During the course of the war Elgar collaborated three times with the Belgian poet, Emile Cammaerts, writing melodramas to words by Cammaerts which dwelt on the plight of German-occupied Belgium. The first and most convincing of these was Carillon, Op 75 (1914). There followed Une Voix dans le Désert (1915) and Le Drapeau Belge, Op. 79 (1916). Today we heard Une Voix dans le Désert which, unlike the other two melodramas, includes a part for a solo soprano as well as the spoken narration. Simon Callow is no stranger to these scores: he has recorded all three (review). Here he showed a fine feeling for the text which he put across very well. Eleanor Dennis sang the soprano solo that comes in the middle of the piece and she impressed. Her tone was warm and pleasing; the only snag was that her words were not often clear and this was a pity because a logistical problem meant that most of the audience did not have access to the programme, which included the text. Much of the score is restrained, if not subdued and Nelsons and the CBSO played it with great finesse. Une Voix dans le Désert may not be a masterpiece but it’s worth hearing and I doubt it’s ever had a finer, better-detailed performance than this one. Following on from his account of the Second Symphony earlier in the season (review) it’s great to find Nelsons exploring less familiar Elgar and with such conviction.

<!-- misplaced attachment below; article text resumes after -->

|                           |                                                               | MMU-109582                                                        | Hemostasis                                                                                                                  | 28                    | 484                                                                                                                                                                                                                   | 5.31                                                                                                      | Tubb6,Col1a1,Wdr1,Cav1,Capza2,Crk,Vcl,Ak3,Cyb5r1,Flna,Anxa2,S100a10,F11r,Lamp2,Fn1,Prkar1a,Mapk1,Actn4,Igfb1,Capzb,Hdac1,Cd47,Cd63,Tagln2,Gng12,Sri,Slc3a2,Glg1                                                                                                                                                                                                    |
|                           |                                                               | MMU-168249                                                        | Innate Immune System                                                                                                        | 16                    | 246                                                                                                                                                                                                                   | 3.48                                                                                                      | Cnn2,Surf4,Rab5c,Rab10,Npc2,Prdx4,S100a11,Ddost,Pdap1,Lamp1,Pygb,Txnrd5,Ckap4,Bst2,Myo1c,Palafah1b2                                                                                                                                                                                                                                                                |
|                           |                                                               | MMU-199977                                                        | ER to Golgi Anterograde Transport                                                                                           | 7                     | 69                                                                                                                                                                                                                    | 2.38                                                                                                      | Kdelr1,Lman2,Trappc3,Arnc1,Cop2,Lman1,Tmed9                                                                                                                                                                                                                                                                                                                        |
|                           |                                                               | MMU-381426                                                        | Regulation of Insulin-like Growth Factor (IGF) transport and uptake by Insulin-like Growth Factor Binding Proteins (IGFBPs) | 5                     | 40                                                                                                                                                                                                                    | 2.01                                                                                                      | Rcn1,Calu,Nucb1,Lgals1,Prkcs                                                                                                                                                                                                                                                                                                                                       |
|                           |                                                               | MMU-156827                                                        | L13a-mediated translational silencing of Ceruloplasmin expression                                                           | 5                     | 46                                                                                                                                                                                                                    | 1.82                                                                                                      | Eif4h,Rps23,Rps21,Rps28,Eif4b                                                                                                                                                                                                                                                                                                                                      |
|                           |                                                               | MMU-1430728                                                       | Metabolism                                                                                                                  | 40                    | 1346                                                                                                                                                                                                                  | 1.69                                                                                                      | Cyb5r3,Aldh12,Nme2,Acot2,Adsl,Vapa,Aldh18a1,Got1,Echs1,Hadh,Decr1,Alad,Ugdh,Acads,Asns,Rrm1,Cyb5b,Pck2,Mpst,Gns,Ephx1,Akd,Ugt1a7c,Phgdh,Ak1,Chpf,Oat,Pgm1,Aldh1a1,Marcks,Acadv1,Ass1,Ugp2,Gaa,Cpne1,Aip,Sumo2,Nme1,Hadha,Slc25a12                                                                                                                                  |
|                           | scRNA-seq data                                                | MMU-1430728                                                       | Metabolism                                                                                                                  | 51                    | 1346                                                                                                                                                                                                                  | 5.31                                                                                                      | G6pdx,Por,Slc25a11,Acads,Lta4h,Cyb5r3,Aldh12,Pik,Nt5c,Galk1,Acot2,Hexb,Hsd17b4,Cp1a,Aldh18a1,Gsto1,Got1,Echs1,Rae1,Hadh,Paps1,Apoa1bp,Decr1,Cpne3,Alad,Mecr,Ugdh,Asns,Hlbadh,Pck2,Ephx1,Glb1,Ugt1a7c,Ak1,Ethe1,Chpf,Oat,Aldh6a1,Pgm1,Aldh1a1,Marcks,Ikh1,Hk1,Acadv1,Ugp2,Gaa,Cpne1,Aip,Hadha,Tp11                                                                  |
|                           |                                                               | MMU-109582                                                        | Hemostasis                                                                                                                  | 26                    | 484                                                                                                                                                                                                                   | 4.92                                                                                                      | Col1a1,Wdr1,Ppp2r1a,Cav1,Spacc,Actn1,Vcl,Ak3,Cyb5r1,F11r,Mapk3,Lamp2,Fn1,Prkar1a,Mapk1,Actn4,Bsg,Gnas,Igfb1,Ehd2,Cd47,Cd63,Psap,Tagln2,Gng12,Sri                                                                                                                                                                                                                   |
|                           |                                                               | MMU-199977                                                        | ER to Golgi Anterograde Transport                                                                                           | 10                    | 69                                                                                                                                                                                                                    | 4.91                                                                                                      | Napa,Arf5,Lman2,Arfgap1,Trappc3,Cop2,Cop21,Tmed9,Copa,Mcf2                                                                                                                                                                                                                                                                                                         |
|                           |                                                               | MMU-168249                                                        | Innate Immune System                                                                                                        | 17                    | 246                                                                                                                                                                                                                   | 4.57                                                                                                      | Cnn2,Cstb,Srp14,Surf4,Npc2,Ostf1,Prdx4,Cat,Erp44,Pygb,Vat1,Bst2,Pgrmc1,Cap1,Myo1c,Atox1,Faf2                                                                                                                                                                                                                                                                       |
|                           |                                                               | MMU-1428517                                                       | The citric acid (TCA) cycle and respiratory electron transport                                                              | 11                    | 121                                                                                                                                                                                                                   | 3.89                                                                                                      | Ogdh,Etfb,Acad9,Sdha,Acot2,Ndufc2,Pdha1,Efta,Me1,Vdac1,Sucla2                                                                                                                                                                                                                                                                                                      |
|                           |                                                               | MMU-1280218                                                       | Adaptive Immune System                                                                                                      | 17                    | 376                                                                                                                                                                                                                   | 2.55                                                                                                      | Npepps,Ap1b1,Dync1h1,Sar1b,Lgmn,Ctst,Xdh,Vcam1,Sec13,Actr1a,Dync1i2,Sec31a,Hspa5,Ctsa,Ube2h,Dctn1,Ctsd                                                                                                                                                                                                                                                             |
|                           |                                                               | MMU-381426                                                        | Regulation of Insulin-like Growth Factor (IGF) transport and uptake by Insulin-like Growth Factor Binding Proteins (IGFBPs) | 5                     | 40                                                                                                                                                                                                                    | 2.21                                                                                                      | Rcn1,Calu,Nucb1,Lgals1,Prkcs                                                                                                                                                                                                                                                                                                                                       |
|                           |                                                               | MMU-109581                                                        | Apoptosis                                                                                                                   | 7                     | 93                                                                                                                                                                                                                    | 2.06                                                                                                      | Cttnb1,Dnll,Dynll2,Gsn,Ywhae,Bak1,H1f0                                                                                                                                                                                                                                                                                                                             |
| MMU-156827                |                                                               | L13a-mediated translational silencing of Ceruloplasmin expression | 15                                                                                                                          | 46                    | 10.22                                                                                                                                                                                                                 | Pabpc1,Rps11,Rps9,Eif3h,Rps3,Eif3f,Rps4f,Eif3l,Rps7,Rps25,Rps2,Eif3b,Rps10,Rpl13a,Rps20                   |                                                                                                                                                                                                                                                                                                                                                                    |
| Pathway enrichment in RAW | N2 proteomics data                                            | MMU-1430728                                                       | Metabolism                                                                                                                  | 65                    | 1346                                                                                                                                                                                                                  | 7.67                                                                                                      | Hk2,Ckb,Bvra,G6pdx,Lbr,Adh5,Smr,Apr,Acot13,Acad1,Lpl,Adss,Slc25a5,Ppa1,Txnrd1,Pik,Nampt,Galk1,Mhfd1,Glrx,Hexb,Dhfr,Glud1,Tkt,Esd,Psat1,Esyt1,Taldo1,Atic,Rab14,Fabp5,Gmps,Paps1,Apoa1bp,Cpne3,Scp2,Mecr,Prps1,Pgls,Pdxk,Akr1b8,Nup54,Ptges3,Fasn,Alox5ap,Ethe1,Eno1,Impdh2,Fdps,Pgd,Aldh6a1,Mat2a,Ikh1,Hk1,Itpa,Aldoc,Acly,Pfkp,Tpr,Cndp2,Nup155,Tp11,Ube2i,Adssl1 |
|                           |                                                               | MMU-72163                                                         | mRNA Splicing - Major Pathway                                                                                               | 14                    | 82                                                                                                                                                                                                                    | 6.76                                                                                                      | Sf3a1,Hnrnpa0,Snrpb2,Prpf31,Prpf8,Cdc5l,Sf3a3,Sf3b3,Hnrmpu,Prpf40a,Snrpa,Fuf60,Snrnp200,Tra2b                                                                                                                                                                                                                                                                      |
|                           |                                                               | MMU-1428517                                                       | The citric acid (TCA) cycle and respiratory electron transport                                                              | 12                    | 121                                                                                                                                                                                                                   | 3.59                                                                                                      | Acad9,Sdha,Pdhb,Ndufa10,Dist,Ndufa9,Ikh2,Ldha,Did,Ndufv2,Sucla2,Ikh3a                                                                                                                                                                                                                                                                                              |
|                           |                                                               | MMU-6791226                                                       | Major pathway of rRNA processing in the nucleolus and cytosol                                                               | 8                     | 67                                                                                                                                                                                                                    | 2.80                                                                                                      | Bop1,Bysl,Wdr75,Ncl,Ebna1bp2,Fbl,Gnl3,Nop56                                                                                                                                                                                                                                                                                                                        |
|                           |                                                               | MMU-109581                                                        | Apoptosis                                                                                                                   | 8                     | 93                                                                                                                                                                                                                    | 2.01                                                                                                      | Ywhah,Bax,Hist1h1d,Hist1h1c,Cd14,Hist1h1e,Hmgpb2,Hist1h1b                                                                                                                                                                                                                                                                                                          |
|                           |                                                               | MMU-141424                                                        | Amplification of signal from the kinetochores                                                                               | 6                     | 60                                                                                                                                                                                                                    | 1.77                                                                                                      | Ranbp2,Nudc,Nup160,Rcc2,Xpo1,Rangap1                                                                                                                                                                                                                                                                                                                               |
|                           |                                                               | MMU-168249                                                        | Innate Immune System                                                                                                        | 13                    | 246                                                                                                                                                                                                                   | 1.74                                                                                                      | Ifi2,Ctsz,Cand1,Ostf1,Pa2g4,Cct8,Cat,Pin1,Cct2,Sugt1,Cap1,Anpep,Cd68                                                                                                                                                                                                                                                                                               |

Andris Nelsons has conducted quite a number of Shostakovich’s symphonies. I wasn’t wholly convinced by his live recording of the Seventh with the CBSO (review) but his gripping and masterly performance of the great Eighth with the Royal Concertgebouw Orchestra (review) indicated that he has a genuine grasp of the Soviet master’s music. Here I was delighted to find him tackling the Eleventh, a score that I feel has been underrated.
I can understand why this symphony has been dismissed in some quarters. For one thing, there’s not a great deal of traditional symphonic development, least of all in the extensive first movement, which is more of a tone painting. Also, though there are passages of eloquence – the third movement and the haunting passage for cor anglais and strings near the end of the finale – the score is no match for mighty utterance that is the Tenth Symphony, nor for the Eighth. And yet, there is a great deal in this score to admire and to provide food for thought. Shostakovich was nothing if not enigmatic and I can’t help feeling that it’s not insignificant that he depicted the failed revolutionary uprising of 1905 in this often bleak and elegiac score and then went on to commemorate the successful 1917 revolution in the often banal and much less convincing Twelfth Symphony. If the issue of the lack of symphonic development is to be overcome the Eleventh needs a performance of conviction and that’s just what Nelsons gave us.